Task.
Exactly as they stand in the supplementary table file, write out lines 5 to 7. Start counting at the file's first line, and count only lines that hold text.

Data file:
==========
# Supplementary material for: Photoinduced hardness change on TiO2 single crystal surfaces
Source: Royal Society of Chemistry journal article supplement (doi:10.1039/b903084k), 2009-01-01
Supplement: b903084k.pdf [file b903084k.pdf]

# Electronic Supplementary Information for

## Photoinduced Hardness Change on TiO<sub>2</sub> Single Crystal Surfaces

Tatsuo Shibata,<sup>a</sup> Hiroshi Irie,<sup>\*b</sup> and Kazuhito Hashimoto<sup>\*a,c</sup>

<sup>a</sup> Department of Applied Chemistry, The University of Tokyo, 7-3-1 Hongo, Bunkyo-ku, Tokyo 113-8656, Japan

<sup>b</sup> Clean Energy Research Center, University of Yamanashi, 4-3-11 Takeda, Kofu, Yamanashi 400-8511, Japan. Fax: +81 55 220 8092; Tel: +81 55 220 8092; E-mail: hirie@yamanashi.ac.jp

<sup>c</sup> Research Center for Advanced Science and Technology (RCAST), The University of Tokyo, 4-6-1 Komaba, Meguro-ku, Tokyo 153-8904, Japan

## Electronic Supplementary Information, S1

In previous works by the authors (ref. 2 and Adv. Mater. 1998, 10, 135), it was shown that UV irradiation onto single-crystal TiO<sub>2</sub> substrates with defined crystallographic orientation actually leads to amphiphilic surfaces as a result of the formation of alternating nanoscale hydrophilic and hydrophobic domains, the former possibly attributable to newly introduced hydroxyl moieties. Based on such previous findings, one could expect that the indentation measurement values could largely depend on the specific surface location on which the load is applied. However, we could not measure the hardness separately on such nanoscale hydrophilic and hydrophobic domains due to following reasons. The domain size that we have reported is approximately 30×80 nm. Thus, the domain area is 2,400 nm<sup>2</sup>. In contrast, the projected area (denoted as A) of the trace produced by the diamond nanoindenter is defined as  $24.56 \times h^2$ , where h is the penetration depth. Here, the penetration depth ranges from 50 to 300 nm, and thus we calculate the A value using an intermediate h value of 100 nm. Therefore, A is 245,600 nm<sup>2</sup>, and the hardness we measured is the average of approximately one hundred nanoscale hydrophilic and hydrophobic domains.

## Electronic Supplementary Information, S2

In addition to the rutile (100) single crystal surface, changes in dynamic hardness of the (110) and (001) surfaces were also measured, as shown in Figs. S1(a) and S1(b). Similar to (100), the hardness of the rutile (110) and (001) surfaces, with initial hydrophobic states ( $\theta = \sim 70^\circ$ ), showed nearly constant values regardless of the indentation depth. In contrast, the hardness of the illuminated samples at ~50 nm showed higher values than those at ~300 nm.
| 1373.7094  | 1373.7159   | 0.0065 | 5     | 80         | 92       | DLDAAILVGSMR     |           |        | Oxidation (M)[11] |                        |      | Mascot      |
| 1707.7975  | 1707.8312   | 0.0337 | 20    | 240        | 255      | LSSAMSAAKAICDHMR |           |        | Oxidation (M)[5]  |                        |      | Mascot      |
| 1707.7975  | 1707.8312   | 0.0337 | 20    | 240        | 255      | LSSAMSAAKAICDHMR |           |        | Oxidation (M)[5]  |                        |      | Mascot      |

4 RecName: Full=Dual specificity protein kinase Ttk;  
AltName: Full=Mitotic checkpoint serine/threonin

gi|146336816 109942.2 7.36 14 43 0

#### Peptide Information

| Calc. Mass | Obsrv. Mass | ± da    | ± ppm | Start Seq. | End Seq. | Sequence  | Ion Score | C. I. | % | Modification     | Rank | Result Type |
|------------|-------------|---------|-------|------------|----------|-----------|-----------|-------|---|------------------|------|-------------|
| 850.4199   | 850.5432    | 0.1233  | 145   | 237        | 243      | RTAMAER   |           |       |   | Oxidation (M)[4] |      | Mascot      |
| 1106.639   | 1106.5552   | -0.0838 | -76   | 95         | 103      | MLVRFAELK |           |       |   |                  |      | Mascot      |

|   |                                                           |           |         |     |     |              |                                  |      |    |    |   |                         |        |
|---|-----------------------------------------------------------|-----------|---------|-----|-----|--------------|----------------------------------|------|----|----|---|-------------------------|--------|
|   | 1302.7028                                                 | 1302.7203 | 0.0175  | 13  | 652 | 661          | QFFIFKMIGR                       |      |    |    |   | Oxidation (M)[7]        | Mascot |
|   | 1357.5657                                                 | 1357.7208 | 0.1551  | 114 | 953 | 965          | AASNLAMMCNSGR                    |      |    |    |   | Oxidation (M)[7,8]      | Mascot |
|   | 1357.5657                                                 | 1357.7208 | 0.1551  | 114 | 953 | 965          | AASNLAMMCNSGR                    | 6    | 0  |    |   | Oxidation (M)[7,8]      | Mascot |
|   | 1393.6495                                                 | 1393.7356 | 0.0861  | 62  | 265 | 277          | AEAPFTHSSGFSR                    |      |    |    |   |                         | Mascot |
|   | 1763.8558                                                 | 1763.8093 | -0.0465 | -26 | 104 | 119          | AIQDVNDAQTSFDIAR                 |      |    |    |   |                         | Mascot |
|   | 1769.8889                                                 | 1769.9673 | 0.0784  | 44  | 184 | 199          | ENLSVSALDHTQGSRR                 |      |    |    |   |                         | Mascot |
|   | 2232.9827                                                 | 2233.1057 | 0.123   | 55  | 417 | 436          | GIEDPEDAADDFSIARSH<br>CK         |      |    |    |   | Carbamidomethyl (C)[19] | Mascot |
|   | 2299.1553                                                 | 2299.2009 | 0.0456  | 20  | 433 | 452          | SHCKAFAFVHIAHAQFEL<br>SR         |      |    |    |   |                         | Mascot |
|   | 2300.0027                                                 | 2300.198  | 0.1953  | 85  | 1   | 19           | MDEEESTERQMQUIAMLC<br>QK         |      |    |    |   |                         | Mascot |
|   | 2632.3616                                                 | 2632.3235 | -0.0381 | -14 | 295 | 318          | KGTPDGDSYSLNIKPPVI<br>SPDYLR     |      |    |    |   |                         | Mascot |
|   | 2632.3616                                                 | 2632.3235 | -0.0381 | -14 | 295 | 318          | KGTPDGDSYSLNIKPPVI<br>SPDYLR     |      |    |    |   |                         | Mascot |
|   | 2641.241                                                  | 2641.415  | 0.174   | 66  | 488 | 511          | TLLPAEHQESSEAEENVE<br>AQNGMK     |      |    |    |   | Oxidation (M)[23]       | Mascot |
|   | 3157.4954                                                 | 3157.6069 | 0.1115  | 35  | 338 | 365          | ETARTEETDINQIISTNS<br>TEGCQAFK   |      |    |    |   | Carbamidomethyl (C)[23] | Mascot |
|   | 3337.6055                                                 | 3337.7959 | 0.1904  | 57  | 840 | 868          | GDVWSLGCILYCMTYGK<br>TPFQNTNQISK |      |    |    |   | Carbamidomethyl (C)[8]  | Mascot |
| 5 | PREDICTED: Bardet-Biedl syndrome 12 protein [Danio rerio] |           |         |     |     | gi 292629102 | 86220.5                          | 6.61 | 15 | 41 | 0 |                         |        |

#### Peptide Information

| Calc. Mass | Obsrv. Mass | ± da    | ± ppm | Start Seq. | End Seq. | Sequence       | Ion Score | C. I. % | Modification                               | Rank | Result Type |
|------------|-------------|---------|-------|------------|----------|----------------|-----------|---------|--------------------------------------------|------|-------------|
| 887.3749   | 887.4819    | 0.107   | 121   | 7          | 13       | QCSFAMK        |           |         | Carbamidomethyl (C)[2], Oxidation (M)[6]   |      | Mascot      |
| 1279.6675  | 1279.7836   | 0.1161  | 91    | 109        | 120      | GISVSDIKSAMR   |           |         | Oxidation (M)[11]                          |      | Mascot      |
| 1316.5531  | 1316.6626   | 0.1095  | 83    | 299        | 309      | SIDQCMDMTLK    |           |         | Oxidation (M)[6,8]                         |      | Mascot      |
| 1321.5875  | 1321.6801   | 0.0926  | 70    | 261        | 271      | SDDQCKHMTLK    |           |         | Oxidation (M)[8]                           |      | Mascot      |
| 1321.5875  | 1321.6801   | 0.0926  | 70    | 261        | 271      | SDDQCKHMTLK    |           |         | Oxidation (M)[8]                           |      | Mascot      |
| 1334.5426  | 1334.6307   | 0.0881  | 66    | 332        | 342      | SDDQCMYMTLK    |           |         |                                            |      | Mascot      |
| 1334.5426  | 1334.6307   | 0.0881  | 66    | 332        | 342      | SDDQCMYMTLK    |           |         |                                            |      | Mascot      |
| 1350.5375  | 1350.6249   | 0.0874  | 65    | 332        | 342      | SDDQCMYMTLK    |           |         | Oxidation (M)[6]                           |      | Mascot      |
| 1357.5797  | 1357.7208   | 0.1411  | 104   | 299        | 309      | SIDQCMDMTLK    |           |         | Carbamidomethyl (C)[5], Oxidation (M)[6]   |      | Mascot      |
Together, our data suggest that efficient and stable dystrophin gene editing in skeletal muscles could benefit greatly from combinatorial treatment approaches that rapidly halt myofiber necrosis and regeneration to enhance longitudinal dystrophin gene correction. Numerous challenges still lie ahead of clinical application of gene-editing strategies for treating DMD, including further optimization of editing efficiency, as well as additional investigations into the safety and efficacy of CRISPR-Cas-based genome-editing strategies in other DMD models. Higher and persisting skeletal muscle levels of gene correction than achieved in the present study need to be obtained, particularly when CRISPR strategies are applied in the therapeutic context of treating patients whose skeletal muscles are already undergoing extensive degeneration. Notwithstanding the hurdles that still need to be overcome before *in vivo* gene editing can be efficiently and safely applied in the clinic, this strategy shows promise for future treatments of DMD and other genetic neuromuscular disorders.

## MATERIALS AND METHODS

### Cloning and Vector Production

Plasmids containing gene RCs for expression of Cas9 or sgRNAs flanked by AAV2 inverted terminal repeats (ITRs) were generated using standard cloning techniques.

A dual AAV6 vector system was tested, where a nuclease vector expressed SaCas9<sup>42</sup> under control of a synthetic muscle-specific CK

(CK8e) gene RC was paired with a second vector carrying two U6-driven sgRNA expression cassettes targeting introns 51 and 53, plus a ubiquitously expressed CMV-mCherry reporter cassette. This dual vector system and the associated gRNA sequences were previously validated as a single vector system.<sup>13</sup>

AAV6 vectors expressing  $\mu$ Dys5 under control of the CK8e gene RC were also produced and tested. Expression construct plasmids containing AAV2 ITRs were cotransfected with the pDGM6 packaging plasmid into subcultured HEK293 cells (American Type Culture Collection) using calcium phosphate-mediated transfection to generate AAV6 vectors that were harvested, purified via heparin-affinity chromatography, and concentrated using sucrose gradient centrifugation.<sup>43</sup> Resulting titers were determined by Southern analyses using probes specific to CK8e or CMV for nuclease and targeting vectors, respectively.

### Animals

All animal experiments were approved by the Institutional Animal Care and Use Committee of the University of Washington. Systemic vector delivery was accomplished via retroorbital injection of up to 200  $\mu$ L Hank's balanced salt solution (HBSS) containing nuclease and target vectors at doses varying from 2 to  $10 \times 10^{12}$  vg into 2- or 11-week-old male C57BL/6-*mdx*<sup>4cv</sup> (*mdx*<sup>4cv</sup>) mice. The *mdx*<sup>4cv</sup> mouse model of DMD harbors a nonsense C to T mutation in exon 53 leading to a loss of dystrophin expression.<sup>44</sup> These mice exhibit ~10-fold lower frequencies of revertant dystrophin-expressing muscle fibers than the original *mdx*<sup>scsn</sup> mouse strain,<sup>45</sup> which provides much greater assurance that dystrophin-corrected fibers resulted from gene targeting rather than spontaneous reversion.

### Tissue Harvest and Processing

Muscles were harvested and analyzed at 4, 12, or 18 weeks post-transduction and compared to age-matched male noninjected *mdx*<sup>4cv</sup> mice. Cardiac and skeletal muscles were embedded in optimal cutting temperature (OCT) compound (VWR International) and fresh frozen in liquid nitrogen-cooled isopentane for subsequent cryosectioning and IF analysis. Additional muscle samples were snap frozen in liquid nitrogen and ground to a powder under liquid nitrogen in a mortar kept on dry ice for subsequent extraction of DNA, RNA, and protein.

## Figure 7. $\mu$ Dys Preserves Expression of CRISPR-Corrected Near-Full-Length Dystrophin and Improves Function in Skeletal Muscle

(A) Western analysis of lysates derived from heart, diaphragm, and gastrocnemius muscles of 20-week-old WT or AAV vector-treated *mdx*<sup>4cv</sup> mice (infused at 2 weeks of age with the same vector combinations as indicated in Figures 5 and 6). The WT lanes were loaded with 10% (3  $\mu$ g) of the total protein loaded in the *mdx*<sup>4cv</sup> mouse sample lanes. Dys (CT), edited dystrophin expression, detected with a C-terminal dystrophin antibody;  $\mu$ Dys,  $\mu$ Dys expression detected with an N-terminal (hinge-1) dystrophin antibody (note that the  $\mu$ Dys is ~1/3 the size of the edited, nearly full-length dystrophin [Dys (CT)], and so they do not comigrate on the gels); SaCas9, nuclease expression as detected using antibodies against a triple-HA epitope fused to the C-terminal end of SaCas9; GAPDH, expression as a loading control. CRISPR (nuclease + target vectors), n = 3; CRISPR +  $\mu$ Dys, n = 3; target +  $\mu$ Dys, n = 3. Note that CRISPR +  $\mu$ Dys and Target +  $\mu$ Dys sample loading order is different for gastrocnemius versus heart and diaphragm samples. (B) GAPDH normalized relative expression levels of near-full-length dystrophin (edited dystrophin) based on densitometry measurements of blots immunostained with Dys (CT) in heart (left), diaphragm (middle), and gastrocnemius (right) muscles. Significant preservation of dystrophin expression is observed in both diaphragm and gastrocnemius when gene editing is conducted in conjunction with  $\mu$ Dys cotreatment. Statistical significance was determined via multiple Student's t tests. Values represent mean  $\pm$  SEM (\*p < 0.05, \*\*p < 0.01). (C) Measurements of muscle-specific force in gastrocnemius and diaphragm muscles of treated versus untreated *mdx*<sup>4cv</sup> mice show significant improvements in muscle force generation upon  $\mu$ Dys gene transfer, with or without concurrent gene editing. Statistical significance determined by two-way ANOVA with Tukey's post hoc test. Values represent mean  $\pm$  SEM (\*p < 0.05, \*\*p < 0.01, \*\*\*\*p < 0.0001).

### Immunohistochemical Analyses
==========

## Photoinduced Hardness Change on TiO<sub>2</sub> Single Crystal Surfaces

Tatsuo Shibata,<sup>a</sup> Hiroshi Irie,<sup>\*b</sup> and Kazuhito Hashimoto<sup>\*a,c</sup>

<sup>a</sup> Department of Applied Chemistry, The University of Tokyo, 7-3-1 Hongo, Bunkyo-ku, Tokyo 113-8656, Japan